Inference needed less than often suggested
•
Bad variable analysis (operationalisation) effects
inference results, eg (non

)parametric variables;
data clustering; …
•
See for example Rose and Sullivan 1996 p192

5
15
Contemporary survey research
Tends to use 2 strategies to address critiques:
Large scale, often secondary, rigorous methods
or
Small scale, primary, claims carefully qualified
16
Terms in sample survey analysis
•
Population:
all cases of interest
•
Sampling frame:
list of all potential cases
•
Sample:
cases selected for analysis
•
Sampling method:
technique for selecting
cases from sampling frame
•
Sampling fraction:
proportion of cases
from population selected for sample (n/N)
17
Survey analysis:
‘variable

by

case matrix’
Cases
Variables
1
1
17
1.73
A
.
.
.
.
2
1
18
1.85
B
.
.
.
.
3
2
17
1.60
C
.
.
.
.
4
2
18
1.69
A
.
.
.
.
.
.
.
.
.
.
.
.
.
.
.
.
.
.
.
.
.
.
N
18
Sample Surveys (case selection)
Populn.
Cases
Variables
1





2





3





4
1
1
17
1.73
A
5
2
1
18
1.85
B
6





7
3
2
17
1.60
C
8
4
2
18
1.69
A
N=8
n=4
19
Part 2: Sampling methods and
techniques
= Ways of selecting case from population
2.1 Random
(probabilistic)
Generalisable,
inferential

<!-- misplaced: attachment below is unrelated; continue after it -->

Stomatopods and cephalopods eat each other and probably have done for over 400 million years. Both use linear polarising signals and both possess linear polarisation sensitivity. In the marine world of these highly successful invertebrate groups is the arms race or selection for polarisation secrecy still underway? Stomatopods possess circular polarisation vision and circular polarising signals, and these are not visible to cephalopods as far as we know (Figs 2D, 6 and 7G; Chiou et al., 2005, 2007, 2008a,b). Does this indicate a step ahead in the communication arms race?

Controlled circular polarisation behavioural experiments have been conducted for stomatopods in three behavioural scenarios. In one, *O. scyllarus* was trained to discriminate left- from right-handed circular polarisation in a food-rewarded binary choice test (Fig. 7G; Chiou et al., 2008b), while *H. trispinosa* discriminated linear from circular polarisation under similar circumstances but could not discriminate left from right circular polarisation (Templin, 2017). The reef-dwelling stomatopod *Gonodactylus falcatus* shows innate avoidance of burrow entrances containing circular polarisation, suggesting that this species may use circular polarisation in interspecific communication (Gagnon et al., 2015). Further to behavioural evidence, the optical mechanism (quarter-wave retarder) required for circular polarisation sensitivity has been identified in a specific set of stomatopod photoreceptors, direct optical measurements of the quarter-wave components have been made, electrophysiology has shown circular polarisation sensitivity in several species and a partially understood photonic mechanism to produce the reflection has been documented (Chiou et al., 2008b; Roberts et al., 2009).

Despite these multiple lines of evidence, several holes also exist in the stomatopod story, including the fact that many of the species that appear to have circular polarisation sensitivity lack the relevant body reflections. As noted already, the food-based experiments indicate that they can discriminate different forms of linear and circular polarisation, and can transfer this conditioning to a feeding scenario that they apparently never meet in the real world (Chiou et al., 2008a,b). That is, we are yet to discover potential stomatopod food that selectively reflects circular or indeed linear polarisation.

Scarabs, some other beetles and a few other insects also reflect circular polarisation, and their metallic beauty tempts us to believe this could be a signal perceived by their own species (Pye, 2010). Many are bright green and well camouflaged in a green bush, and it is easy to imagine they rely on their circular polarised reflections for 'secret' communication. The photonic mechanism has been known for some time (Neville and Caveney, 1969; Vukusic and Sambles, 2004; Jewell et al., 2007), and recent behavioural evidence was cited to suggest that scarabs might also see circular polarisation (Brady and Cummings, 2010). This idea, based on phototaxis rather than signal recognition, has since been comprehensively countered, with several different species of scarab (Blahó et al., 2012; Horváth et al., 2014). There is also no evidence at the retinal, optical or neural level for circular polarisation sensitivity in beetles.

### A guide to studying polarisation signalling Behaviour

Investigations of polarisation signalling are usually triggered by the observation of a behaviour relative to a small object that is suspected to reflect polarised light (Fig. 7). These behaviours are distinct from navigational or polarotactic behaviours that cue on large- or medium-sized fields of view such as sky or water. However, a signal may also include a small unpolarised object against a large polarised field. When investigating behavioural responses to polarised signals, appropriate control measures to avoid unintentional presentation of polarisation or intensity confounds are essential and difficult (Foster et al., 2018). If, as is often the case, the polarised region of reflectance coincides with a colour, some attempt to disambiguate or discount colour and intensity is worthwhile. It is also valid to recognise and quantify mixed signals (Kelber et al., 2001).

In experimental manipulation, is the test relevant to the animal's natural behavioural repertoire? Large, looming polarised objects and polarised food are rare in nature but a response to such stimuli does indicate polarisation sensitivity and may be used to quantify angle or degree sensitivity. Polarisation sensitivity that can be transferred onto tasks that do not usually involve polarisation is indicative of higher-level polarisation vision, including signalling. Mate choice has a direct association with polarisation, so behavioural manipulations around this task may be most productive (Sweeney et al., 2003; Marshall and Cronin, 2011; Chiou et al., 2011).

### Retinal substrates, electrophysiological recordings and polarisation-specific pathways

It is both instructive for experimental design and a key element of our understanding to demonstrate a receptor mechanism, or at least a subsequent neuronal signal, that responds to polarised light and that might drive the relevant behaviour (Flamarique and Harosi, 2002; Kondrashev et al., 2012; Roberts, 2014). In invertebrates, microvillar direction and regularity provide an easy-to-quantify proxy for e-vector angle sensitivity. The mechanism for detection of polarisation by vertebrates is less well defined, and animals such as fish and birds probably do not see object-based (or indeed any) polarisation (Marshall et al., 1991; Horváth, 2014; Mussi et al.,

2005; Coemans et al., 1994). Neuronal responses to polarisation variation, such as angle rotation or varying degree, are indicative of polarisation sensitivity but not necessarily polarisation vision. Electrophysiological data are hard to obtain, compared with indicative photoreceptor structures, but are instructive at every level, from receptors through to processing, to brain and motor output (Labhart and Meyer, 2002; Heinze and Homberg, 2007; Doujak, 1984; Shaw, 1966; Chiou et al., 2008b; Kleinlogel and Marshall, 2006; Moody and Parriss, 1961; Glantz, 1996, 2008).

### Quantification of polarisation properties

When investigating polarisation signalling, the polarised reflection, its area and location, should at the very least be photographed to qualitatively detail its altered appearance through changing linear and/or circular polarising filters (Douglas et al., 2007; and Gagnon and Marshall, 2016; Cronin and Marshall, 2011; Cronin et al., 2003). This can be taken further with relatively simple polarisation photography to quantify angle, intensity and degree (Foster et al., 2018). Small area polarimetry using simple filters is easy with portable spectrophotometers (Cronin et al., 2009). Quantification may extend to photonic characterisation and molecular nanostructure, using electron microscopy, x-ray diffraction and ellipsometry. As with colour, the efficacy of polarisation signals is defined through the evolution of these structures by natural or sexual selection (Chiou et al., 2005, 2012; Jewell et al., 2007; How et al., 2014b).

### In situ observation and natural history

statistics, fewer
applications
2.2 Non

random
(opportunistic;
purposive)
Harder to
generalise,
inference contested,
more widely used
20
2.1a Simple Random Sample
•
A statistical method used to choose cases
randomly (eg random numbers)
Every case in population has exactly the same
chance of being in sample
•
Most data analysis techniques initially
designed for simple random samples
21
2.1b Systematic Random Sample
•
Like the SRS, select cases from anywhere
in the whole population
•
An easier selection method : choose every
(n)th person for the sample
•
Danger of
‘periodicity’
if original
population order has any structure,
bias
22
Problems with sample methods
selecting from whole population
•
The ‘random’ part means it is always
possible to get a population coverage quite
different from known structures
•
If total population is large or dispersed, then
coverage of random parts of it is
expensive
and time consuming
: few surveys use
random sampling from whole of UK
23
2.1c Stratified random samples
•
Modifies random sample
to ensure even (or
‘boost’) coverage of population groups
–
split sampling frame by
stratification factors
–
select random samples within each factor
–
final sample has correct proportions of each
–
Example: select 490 M and 510 F
•
Properties:
proportionate sample, correct
representations; but more expensive & complex,
should use ‘weights’ for analysis
24
2.1d Multistage cluster samples
•
i)
Select clusters
of population at random
•
ii) Sample randomly
within clusters
•
Eg: clusters = local authorities in UK
–
With qualifications, may still be treated as
‘random’ for analysis purposes
–
Big reduction in costs if face

to

face contacts
䵯獴⁷楤i汹l晡f潵牥搠獡浰汩湧l浥瑨潤
楮慲i攠獣s汥l獵牶s礠y潬汥瑩潮t
25
Example: Multistage cluster
sample
•